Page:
Don’t hate on local media; there are plenty of small operations whose later success started with a solid feature in the city paper. And those reporters who write for “smaller” sites? They eventually move on to bigger and better media, so create a relationship with them now. It’s not just careers that grow; smaller sites have also grown dramatically in the last few years, like Vice.
3. Raiding the media list.
You’re in the weeds, pitching all day, when you get an email from your client “suggesting” (read= DO IT) a list of media contacts they’d like you to pitch in addition to your original media list. You scan the names: one is the executive editor of the entire Wall Street Journal, the other moved to a different publication two years ago and is covering a different beat, and you’re not even sure where they got the third one from.
A surprising number of startups think it just takes an email address to get a story, but those who do their own PR without thorough research are wasting their time.
I’ve heard some complain of not getting any media interest after they blasted the same template email to editors at major papers. Reporters are busy people who are only as good as their portfolio, why would they think your impersonal marketing email is worth taking to their editor? Someone who writes about the intersection of tech and politics isn’t going to write about your new electronic toy for kids, which seems like common sense, but it gets lost in the midst of startups’ go-get-’em enthusiasm.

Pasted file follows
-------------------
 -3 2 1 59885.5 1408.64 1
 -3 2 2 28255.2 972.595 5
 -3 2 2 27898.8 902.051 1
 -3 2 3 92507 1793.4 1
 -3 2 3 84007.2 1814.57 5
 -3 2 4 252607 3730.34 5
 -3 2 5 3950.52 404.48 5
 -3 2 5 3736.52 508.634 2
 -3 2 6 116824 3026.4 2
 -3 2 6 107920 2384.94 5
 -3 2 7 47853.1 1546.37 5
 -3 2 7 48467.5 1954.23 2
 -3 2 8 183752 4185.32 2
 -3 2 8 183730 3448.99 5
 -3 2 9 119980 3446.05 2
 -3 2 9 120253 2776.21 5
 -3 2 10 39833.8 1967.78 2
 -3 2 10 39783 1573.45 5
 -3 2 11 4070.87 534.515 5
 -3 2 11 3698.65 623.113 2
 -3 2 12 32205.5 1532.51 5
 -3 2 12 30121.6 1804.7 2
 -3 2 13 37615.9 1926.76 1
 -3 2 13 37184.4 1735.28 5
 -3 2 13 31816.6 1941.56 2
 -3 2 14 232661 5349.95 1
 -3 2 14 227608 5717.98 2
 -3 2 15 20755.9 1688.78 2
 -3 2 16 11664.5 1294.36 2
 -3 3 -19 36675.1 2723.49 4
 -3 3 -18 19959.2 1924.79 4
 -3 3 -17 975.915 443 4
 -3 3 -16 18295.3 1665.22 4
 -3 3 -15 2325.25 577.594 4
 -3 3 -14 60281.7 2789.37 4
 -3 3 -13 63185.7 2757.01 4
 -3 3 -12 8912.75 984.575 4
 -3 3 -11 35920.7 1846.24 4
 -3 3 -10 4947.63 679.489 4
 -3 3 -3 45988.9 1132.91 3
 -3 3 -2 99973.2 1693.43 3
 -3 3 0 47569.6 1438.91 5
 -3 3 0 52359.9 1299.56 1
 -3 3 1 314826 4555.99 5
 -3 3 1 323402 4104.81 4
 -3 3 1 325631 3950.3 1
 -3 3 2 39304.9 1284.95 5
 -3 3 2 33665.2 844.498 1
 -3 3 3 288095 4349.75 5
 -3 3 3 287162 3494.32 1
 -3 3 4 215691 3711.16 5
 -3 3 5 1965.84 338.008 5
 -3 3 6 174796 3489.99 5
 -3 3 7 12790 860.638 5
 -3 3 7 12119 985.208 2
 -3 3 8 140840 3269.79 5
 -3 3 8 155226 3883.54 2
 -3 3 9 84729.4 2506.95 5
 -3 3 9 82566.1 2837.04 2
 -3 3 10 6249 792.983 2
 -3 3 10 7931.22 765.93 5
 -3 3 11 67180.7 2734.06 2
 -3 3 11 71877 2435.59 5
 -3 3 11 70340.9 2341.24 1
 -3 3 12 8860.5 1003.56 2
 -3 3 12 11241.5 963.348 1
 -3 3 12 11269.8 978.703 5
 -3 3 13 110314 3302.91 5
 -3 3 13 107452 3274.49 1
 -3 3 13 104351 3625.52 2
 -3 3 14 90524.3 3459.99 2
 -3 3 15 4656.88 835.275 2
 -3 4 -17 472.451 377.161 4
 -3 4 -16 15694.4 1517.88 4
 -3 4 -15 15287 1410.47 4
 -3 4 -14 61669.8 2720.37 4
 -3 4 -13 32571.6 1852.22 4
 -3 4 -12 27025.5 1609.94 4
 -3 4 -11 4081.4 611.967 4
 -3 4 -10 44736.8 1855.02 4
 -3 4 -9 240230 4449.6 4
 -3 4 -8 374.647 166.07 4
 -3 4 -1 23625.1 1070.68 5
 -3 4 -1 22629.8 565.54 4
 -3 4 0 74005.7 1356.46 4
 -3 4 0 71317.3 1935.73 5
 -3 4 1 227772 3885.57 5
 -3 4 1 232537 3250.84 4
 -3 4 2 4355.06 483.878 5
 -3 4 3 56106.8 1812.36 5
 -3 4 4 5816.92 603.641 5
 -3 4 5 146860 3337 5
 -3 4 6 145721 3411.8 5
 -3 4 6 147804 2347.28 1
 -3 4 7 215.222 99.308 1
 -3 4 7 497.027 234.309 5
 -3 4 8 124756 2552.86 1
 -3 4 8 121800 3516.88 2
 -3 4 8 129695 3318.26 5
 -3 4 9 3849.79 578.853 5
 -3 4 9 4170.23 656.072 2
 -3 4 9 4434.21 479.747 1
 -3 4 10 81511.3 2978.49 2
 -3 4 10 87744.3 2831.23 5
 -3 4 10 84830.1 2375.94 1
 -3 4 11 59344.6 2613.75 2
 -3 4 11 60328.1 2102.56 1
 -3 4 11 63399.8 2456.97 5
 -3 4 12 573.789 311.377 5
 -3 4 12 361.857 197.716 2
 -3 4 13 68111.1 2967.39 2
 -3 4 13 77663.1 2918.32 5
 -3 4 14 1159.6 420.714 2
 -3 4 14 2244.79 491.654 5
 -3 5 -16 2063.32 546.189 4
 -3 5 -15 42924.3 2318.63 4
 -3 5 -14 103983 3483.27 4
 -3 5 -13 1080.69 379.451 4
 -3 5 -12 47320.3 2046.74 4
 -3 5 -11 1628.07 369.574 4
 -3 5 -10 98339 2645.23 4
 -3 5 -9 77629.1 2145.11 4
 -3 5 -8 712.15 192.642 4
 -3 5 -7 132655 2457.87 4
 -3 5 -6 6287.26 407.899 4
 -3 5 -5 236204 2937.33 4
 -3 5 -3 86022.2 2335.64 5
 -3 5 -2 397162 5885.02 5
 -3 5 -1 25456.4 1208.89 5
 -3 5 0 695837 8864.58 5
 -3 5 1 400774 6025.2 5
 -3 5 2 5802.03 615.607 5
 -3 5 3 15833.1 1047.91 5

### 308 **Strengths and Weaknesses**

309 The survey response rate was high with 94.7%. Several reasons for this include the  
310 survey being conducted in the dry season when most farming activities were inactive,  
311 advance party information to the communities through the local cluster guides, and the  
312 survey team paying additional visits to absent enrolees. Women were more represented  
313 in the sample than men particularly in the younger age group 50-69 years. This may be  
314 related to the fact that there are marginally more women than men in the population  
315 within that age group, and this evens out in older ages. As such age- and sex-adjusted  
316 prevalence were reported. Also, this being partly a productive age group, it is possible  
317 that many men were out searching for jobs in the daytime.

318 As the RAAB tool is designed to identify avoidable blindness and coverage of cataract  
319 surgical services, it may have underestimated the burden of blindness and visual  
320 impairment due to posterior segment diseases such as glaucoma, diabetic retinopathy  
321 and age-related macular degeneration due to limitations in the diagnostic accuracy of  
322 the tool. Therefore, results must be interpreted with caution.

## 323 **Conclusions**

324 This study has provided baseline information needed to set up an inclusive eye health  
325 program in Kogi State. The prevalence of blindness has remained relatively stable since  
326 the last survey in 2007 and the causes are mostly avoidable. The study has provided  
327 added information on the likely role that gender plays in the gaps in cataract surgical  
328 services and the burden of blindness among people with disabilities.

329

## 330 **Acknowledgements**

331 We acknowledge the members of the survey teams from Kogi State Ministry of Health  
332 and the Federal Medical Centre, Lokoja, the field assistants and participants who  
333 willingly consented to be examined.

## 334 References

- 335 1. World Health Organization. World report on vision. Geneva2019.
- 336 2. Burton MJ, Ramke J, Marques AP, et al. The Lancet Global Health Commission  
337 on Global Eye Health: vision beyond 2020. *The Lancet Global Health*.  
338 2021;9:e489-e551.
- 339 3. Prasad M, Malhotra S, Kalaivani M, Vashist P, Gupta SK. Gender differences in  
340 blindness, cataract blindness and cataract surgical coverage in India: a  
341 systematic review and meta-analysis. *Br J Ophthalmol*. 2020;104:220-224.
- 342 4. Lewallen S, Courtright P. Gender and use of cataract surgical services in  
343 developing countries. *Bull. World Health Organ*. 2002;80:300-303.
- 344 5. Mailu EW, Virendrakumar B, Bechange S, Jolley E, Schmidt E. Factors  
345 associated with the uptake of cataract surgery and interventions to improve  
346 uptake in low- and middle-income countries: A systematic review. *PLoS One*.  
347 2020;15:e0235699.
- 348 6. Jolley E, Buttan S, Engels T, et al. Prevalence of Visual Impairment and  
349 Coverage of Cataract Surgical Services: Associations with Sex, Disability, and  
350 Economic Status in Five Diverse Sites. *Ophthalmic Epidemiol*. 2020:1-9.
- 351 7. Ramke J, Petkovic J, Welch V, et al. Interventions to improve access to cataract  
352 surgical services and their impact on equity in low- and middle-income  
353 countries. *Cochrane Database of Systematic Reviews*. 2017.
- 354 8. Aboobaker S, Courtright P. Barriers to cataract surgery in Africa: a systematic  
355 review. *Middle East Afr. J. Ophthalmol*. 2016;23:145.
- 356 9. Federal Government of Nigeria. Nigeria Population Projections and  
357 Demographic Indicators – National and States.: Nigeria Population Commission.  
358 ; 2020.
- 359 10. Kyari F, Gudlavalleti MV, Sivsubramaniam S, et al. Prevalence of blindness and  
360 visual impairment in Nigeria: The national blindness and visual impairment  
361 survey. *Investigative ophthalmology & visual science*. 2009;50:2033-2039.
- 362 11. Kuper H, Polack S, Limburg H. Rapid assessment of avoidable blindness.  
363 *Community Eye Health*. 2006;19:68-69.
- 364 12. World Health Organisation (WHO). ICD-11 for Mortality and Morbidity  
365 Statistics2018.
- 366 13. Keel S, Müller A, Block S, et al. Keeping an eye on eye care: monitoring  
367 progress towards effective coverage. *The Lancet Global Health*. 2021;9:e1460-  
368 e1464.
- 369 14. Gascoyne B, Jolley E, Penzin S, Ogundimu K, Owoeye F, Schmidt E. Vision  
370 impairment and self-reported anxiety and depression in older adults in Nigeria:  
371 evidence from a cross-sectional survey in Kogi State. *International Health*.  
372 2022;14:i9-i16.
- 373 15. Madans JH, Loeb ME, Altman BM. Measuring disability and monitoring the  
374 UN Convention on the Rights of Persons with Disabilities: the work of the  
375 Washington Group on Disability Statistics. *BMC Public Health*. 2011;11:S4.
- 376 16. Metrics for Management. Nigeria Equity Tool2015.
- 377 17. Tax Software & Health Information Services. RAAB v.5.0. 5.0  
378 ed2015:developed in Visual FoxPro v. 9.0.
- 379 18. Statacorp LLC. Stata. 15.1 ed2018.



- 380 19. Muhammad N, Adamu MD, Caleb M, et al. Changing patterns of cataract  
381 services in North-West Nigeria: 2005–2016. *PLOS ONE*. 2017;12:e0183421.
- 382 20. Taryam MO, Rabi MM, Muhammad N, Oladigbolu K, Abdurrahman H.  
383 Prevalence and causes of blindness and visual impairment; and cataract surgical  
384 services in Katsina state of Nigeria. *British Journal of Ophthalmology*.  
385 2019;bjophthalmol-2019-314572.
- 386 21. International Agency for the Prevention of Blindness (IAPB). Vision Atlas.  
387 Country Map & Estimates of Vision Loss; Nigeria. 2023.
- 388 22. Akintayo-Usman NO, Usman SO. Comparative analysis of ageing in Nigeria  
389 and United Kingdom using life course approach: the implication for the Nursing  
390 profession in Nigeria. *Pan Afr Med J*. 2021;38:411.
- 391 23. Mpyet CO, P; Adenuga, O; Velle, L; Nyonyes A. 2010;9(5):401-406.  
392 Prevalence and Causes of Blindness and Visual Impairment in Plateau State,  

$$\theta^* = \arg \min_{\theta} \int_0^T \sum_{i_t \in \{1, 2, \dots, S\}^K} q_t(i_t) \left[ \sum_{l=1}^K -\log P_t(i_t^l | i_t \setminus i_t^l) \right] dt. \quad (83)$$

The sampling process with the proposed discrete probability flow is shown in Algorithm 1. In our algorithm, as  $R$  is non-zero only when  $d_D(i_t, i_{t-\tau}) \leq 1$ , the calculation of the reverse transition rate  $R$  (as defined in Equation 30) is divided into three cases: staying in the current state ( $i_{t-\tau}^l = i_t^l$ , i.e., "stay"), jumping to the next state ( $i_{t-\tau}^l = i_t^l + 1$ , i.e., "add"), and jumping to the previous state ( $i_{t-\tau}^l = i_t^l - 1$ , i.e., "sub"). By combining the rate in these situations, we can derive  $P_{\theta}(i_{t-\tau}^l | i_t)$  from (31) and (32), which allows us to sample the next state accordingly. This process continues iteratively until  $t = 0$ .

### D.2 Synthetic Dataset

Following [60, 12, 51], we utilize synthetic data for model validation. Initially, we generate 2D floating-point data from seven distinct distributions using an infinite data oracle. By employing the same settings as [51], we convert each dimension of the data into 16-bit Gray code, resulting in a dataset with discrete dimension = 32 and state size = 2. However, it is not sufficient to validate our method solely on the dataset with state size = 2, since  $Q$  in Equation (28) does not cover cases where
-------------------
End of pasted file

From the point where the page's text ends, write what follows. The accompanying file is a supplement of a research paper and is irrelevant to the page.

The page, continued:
What PRs can do:
The only rule you need to follow here is do not pitch journalists that you know are not a good fit.
End of story (yeah, pun intended).
I find startups are generally accepting of the reasons I give as to why I don’t want to approach their suggested candidates; half the time they got the contacts from a friend of a friend and didn’t even Google them, so they acquiesce without a fight. But, for clients that really feel their suggestions are worth the effort, ask them to do the outreach. You can even write the pitch and have them send it through their email—but don’t hurt your credibility by sending a doomed pitch with your name on it.
4. Too many cooks in the kitchen.
You’ve edited your press release for the final time, and send it to the executive team for review. But “review” might not be as fitting a word as “destruction”: the Google Doc has changes from the COO, and then the CEO then changes those changes. Then the head of marketing has to weigh in, as well as the product manager—oh, and don’t forget the CFO, the head of business development and the sales intern—gotta have the sales intern weigh in.
The thing about startups is that they are small enough to get everyone’s input, and are sometimes insecure enough to need everyone’s input.
The stakes are so high for them that everything has to be perfect, except each person has a different idea of what that is. This can lead to endless rounds of editing, with too much time put into non-existent issues (“We should really be saying ‘fascinating’ instead of ‘amazing’ here, don’t you think?”). Startups can get cold feet and lose sight of what a press release is about—and that it should be interesting (see: the corporatespeak mistake).
What PRs can do:
Tread carefully, because at the end of the day the only press release that goes out is the one your client is paying for.